Before Islam appeared on the scene and Britishers came here, these people roamed all over the world. This is why Gypsies in Europe are called Romani that are called Lamani in Bharat. Lamanis (Lamans) were actually traders who codified Bharatiya knowledge in their languages. Their present sorry state came after Islamic forces started their aggression and when the sense of higher-lower castes entered among them. Some of them converted to Islam and Christianity but their languages and customs give unmistakable clues to their Bharatiya origins. All modern researches suggest that knowledge and culture went to entire world from Bharat and these were the people who carried them. Many Janjatis in Afghanistan, Russia, Iran etc. even today have uncanny semblance to the languages spoken by nomadic people.
What would you say to rehabilitate these people?
We call it habilitate and not rehabilitate. The education level among them is high, but modern education itself is a problem. The youths do not return to their roots once they are educated. Our schools do not teach skill, while these people are highly skilled. Government is now speaking of Skill Development, but the skills should be imbibed from primary level and not at college level as is done presently. For example, Lohars are masters in iron work, Wadars are experts in stone carving, Vaidyas are expert in forest herbs and Otaris have marvellous knowledge in casting. Even modern engineers do not posses these skills. These skills should be encouraged in present education system.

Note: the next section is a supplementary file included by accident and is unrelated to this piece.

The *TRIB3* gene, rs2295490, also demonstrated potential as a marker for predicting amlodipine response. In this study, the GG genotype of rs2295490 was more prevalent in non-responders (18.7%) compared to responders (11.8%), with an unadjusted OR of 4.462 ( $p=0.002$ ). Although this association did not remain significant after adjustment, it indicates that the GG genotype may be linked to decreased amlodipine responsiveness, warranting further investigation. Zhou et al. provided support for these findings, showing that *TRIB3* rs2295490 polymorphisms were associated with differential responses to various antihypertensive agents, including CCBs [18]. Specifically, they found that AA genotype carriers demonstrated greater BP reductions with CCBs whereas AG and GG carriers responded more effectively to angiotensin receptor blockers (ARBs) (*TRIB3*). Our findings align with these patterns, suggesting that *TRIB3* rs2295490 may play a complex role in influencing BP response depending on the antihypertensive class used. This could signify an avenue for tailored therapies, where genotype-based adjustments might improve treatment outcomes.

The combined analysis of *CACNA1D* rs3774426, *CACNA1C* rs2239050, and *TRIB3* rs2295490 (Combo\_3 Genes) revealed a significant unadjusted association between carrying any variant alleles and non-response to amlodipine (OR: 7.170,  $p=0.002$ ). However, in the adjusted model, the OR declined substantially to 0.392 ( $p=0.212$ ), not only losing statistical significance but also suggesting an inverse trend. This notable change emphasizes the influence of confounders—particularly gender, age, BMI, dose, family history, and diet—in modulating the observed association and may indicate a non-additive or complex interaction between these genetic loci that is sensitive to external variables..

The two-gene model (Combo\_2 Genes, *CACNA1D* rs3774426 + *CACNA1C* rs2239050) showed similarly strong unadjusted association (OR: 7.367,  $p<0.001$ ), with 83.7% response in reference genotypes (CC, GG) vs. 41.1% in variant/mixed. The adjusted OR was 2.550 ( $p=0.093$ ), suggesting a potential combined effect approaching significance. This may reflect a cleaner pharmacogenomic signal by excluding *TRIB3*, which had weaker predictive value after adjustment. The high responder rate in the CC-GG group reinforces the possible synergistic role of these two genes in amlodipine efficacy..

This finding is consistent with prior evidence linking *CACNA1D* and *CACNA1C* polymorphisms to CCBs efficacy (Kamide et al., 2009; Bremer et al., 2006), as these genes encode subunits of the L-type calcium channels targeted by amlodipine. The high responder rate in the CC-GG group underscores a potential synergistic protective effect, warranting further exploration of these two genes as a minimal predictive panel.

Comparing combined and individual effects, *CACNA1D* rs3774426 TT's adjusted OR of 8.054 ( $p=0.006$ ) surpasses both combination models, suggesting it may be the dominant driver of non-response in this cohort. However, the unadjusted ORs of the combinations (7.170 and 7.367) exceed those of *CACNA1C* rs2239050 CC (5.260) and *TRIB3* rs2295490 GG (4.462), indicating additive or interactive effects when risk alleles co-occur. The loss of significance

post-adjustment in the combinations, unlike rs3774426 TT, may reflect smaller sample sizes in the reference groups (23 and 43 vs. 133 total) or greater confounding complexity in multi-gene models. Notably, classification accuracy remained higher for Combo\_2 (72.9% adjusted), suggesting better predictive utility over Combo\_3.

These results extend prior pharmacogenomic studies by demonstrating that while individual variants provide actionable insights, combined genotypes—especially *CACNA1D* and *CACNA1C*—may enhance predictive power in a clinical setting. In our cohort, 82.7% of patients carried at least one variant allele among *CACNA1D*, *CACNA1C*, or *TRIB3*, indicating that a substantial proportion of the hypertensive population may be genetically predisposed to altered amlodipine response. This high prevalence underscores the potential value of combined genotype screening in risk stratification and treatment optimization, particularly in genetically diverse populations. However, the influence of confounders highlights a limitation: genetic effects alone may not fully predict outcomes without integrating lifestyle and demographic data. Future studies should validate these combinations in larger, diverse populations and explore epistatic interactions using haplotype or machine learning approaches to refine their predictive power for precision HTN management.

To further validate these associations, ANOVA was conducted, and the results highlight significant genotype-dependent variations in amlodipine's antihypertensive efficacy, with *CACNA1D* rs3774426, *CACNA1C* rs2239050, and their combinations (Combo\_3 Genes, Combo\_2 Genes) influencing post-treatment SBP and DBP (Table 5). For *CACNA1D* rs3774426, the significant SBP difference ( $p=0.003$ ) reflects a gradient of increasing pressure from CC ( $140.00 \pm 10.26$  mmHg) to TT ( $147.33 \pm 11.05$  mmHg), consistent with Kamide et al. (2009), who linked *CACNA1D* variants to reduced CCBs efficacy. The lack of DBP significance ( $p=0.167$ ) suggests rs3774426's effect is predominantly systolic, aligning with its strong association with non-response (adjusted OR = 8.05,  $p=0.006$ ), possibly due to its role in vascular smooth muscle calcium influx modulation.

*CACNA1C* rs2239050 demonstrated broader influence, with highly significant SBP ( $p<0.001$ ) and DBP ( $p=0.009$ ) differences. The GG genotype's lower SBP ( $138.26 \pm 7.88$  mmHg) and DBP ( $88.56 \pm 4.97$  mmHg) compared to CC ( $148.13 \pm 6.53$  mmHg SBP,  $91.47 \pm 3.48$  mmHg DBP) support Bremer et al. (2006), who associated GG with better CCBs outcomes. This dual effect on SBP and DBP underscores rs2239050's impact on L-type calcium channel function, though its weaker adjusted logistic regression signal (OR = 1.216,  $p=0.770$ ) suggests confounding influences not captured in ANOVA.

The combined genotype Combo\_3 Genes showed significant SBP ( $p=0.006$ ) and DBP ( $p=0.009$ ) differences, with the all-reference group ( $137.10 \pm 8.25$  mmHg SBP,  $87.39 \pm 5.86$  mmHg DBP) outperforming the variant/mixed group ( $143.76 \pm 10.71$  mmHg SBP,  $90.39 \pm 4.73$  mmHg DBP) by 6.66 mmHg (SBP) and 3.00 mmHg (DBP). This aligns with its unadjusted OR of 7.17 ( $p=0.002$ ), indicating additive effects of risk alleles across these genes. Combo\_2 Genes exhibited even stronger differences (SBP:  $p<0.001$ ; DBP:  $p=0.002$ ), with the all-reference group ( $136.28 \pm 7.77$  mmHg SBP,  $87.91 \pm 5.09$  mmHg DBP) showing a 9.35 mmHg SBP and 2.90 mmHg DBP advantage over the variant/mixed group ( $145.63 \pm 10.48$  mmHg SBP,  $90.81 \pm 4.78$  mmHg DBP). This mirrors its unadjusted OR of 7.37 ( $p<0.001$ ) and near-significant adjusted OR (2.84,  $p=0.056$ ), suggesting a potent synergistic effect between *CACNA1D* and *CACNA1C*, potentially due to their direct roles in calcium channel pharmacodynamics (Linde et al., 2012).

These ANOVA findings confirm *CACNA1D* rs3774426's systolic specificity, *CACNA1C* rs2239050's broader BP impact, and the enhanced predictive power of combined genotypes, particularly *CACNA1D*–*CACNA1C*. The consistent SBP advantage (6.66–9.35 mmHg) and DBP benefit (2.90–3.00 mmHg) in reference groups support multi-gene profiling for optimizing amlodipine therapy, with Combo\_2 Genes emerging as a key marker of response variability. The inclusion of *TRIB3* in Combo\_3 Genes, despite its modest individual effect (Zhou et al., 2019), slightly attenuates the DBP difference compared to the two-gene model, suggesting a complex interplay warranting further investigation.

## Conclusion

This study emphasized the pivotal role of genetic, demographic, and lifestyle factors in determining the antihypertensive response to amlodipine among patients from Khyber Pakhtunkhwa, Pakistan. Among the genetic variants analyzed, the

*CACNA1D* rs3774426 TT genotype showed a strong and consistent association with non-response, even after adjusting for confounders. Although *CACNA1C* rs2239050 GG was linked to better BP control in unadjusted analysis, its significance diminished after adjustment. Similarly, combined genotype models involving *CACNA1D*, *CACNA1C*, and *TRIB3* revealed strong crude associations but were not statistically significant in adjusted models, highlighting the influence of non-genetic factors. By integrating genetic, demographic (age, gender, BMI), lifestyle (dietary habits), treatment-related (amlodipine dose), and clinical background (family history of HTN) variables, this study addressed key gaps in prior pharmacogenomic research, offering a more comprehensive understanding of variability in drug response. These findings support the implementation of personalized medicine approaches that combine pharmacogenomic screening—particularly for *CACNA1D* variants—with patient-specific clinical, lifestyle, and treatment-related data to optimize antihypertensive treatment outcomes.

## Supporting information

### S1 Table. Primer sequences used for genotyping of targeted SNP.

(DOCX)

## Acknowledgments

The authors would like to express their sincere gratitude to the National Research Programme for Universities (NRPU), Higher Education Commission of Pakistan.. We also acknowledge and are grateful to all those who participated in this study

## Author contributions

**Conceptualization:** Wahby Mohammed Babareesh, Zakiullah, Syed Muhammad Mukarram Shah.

What is the BVVP doing to ‘habilitate’ the nomadic communities?
The BVVP has taken up the work of transforming nomadic communities. It started with a hostel at Yamgarwadi under Solapur District in 1993, where today about 450 students are pursuing education. Later, the similar work began in Anasarwada in Latur and Samarasata Punarutthan Gurukulam in Chinchwad (Pune) where about 350 students from nomadic tribes are studying.
What difficulties do you face while working among them?
When I started working among these people, I knew nothing about them. Gradually, I understood their lives with every incident. Then I realised that these people have no country of their own. Sometimes I wondered whether this was life all about. But then it became clear to me that the lives of these people contain the history of India.
The members of nomadic communities have started expressing themselves which is evident in this convention. The convention is an attempt to provide a platform to the section of the society that was kept out of the boundaries of the villages. n